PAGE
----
Use this lukshen recipe for your blintzes and crepes as well.
Don’t we all look forward to that steaming bowl of chicken soup with lots and lots of Pesach lukshen?
I’m sure it’s not just me. For starters, I know my kids really look forward to it. Like, reeeaaallly. So much so that I make sure nobody’s around when I set out to prepare the lukshen, lest there be nothing left to freeze at the end of the day (true story).
Here is my mother in law’s basic recipe. You will need:
1 cup seltzer
½ cup potato starch
1 tablespoon oil
Salt to taste
When preparing crepes for a sweet blintz (such as cheese blintzes) use the same recipe and simply add about 2 tablespoons of sugar to the batter.
Place all the ingredients into a mixing bowl. No particular order.
Using an immersion blender, blend all the ingredients until nice and smooth.
Note: Potato starch tends to sink through to the bottom, so every 15 minutes or so, while I’m busy frying the crepes, I like to re-blend the ingredients once again.
Heat a large frying pan (or my favorite crepe skillet) with about a tablespoon of oil. I like to use these bottles for the oil. They’re especially useful when making crepes, since you need to apply more oil quite frequently.
Spoon about ¼ cup of batter into the pan.
Swirl the pan, aiming to get the batter to cover the entire surface of the pan.
I recommend getting the pancake batter dispenser to store the batter, it’s keep the process neat and it’s easier to use that a measuring cup.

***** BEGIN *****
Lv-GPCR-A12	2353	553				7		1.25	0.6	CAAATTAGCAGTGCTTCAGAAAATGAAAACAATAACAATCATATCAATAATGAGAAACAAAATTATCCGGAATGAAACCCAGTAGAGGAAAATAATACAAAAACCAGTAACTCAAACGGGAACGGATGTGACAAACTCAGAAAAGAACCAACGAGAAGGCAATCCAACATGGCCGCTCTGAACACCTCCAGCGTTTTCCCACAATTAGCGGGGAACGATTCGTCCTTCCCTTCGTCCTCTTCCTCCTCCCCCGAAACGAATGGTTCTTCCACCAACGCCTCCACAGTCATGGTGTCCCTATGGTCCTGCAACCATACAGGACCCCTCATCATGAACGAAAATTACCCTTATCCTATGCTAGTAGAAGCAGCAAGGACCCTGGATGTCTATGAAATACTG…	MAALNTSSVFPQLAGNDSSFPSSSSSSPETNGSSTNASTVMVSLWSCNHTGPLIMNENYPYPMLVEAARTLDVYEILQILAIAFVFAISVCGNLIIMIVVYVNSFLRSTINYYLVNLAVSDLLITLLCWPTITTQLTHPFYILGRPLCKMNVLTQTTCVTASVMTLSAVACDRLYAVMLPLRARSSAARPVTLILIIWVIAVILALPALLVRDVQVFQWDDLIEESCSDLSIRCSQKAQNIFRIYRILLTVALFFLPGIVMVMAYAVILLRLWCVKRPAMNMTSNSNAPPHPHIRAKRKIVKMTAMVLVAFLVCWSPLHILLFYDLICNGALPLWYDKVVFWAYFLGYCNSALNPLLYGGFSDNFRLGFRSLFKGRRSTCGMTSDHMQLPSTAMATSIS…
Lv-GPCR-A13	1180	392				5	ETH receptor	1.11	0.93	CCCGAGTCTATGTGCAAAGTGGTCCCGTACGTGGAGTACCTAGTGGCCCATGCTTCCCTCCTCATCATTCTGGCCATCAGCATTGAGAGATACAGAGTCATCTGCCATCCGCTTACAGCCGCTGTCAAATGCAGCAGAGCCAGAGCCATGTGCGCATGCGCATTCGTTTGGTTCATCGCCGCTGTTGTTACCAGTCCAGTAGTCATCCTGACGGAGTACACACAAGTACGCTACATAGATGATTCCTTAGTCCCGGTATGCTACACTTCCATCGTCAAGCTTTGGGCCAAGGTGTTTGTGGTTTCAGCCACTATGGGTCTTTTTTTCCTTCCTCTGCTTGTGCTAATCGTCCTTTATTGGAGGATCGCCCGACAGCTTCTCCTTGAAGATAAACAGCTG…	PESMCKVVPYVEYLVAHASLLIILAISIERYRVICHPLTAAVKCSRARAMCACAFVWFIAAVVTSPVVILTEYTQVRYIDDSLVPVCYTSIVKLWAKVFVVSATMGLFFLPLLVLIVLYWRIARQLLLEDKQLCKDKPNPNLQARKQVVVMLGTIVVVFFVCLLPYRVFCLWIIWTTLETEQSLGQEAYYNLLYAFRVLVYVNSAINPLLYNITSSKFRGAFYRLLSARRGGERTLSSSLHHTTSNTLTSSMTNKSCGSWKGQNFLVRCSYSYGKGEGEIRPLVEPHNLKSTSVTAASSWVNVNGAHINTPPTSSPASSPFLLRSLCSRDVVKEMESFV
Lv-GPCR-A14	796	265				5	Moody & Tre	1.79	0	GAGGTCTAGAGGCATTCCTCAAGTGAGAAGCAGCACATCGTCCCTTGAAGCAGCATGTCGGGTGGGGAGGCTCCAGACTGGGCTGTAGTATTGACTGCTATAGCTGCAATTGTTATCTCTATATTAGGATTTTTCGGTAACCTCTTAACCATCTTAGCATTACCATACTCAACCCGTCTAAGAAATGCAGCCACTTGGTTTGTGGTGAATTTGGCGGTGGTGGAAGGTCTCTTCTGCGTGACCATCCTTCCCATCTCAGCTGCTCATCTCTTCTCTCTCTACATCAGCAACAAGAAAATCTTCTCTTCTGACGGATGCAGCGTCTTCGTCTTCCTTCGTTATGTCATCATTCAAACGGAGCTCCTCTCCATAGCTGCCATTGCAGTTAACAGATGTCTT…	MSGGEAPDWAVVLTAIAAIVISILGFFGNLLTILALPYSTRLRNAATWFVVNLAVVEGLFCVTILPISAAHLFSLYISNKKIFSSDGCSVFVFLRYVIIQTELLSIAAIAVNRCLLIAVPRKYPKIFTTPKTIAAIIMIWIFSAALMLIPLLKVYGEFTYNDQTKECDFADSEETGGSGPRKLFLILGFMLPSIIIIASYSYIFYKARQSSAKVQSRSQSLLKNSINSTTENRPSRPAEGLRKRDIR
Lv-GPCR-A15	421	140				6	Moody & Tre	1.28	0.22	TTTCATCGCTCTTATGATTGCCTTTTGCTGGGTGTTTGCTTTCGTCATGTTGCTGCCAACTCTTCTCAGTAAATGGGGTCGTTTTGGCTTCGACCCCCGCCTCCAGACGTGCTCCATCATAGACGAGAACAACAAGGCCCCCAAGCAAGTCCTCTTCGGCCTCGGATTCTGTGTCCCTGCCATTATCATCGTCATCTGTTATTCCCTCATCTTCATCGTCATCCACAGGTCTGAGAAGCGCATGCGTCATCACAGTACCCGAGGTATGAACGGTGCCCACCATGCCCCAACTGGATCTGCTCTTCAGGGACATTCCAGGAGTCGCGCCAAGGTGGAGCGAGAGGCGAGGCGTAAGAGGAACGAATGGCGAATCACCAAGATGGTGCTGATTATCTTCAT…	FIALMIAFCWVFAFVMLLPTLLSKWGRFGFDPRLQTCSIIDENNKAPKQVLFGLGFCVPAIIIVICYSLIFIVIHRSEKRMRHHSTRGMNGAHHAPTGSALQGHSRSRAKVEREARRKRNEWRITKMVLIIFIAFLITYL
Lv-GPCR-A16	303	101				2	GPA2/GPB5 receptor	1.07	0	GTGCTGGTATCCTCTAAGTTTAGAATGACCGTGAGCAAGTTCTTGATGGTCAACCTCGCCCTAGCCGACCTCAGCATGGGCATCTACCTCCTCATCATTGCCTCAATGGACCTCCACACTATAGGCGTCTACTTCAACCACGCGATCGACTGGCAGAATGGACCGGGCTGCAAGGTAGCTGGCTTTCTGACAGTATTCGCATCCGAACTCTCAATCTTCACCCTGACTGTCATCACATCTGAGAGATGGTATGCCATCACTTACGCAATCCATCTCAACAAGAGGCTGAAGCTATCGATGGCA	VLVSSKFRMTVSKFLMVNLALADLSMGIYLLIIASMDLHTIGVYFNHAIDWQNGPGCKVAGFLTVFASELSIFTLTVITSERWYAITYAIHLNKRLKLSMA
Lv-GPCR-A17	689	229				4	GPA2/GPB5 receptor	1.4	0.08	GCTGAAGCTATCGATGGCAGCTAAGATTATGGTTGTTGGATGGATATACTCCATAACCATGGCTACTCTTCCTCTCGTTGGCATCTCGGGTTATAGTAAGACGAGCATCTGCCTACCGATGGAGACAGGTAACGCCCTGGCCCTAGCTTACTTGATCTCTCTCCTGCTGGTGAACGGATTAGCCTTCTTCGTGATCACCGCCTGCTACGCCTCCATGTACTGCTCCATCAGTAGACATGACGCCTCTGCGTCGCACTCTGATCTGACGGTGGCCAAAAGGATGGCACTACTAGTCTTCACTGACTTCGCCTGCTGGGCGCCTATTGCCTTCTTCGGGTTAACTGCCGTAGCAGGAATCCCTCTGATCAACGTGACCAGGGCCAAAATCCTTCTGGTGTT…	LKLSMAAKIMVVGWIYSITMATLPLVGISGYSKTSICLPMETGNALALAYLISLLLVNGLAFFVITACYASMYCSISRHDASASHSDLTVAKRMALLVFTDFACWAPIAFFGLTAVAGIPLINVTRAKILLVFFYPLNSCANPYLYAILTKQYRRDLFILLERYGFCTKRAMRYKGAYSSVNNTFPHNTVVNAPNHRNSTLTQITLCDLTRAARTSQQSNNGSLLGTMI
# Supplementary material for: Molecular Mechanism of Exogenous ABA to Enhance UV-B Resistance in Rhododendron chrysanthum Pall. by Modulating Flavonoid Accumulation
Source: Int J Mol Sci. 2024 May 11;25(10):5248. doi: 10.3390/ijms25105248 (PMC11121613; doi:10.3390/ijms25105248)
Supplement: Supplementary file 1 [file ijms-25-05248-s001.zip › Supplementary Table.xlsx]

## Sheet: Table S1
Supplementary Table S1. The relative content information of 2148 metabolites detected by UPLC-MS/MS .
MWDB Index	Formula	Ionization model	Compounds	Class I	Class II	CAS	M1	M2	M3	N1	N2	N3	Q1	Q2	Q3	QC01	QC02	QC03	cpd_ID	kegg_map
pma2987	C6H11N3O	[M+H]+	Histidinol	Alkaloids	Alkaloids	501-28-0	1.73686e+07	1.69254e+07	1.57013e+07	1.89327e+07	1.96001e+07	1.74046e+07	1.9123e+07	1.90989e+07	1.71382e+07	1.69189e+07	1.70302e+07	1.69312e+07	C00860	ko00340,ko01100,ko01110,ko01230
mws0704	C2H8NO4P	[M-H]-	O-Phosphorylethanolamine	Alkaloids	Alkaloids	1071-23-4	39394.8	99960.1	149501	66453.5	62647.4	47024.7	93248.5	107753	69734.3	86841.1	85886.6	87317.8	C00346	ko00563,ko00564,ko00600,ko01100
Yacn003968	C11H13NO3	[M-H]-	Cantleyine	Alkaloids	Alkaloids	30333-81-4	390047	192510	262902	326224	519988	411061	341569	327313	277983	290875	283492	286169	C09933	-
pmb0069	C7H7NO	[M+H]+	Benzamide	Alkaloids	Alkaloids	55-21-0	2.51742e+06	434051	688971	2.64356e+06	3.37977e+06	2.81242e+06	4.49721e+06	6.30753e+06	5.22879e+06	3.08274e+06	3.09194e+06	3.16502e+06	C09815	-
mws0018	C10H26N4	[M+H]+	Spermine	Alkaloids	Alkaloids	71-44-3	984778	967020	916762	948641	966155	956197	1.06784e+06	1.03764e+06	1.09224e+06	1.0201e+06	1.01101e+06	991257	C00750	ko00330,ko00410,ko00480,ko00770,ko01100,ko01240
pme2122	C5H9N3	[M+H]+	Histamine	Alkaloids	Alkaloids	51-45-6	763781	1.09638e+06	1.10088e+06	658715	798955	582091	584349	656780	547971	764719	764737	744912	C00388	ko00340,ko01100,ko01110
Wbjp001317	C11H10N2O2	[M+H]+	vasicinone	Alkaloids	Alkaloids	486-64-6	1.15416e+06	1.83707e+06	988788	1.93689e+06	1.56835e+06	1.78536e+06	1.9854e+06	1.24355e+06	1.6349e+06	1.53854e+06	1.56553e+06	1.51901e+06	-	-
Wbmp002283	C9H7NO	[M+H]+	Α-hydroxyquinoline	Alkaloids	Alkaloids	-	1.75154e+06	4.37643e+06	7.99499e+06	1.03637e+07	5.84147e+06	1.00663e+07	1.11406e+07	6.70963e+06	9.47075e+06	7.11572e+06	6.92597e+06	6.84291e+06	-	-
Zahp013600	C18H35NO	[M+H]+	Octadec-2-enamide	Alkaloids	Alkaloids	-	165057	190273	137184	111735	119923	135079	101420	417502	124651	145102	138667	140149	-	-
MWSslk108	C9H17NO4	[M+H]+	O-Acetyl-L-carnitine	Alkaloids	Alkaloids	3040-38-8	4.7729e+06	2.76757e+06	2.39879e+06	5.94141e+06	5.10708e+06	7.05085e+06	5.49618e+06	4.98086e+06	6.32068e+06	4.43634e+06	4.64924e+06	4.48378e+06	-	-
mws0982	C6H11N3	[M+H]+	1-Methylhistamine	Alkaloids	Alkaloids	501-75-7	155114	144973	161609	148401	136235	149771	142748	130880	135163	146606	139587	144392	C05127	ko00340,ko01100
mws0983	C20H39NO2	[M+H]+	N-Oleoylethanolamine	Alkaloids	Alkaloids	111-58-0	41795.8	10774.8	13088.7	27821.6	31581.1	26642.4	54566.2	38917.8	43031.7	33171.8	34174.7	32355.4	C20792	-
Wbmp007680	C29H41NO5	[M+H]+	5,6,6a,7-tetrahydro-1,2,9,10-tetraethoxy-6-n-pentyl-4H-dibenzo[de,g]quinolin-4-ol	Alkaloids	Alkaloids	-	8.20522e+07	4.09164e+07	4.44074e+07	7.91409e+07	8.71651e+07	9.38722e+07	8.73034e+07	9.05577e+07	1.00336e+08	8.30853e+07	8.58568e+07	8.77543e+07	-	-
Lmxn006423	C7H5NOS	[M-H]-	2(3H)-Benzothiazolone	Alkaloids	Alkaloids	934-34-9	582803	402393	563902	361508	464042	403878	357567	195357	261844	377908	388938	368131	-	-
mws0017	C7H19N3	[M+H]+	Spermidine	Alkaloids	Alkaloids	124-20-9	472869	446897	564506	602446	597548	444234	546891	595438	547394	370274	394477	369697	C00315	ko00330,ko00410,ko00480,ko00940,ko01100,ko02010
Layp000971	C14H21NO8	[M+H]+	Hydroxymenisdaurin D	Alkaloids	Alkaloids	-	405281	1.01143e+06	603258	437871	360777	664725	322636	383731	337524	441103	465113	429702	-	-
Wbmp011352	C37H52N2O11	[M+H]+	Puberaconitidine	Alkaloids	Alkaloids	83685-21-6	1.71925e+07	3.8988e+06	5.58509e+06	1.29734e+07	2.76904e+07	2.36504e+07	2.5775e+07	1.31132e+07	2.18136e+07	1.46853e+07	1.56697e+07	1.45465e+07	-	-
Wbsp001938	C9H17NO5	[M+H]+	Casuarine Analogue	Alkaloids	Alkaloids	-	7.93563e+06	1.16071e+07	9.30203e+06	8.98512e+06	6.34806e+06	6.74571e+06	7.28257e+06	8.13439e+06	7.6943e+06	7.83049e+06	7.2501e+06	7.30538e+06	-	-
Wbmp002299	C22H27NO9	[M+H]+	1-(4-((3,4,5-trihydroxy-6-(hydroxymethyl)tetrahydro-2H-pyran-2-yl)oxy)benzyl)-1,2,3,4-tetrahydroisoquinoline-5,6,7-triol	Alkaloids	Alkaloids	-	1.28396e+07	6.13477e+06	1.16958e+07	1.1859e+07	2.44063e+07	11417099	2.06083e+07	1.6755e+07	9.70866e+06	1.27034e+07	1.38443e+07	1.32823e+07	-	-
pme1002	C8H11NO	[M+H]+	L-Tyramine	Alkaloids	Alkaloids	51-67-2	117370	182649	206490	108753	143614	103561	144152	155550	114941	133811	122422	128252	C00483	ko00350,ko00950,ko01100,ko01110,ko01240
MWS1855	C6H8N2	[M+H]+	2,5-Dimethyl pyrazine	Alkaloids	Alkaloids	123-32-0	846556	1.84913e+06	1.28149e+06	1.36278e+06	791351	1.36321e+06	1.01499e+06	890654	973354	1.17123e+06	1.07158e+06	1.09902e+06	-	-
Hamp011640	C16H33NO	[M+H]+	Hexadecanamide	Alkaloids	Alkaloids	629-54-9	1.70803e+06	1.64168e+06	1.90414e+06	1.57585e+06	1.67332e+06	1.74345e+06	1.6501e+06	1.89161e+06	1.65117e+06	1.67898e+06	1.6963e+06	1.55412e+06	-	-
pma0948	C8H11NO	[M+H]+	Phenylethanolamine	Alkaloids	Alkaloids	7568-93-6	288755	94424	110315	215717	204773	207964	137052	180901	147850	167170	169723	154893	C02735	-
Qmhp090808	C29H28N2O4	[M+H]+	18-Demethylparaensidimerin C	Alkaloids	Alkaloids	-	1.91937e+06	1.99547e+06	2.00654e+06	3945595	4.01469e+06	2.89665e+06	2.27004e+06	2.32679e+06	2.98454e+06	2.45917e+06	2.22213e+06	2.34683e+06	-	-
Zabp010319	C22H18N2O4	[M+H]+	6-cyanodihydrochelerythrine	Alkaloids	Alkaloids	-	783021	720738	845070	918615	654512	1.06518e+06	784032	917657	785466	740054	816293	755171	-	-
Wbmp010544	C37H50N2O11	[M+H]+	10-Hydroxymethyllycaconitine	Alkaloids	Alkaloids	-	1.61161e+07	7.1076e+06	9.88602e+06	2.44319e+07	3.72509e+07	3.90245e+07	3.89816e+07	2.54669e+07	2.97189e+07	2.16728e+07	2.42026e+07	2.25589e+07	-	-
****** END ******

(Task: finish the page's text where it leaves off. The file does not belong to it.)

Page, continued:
Once the crepe sets (this will happen quickly, after about a minute or less), flip it over with the help of a spatula. Cook the other side for another half a minute or so. You don’t want the crepes to be too done (read crispy). They still need to be soft enough to roll.
Once done, place the crepe on a plate. When the next one is done, place it directly on top of the previous one. Continue frying crepes, like this, one by one.
To speed the process it’s a good idea to use two frying pans simultaneously.
Once the crepes are done, divide them into manageable stacks (about 15 crepes or so).
Roll them tightly into a log.
Cover the log with silver foil.
At this point I recommend freezing the crepes. Usually one log will be the perfect amount for my family, per meal. But, do what works for you.
I like to pop a log out of the freezer before each meal.
Using a sharp knife, slice the logs into rounds, to your desired thickness (every family has it’s preferences!)
Slicing the lukshen while the log is semi frozen is actually even easier.
I like to place the lukshen in a dish once they’re cut and let them warm up a bit before serving. You can warm them up either by pouring some soup over them or by heating them in the oven for a few minutes.
Love all these great step by step instructions with pictures!!
Mrs. S says
I freeze them cut and ready to go in baggies. 1 baggie per meal. I 0lace the baggie on top of the soup pot to warm up.
One year I made too much lokshen so I heated them up with some duck sauce for an excellent side dish.
I’m so bad at figuring out “salt to taste.” Could you estimate a measurement? I like salt…
Karen Reiss says
I strongly suggest you stir batter after every crepe you make
The seltzer makes a huge difference
Can you create a print out screen for this?
The print recipe button leads to a blank page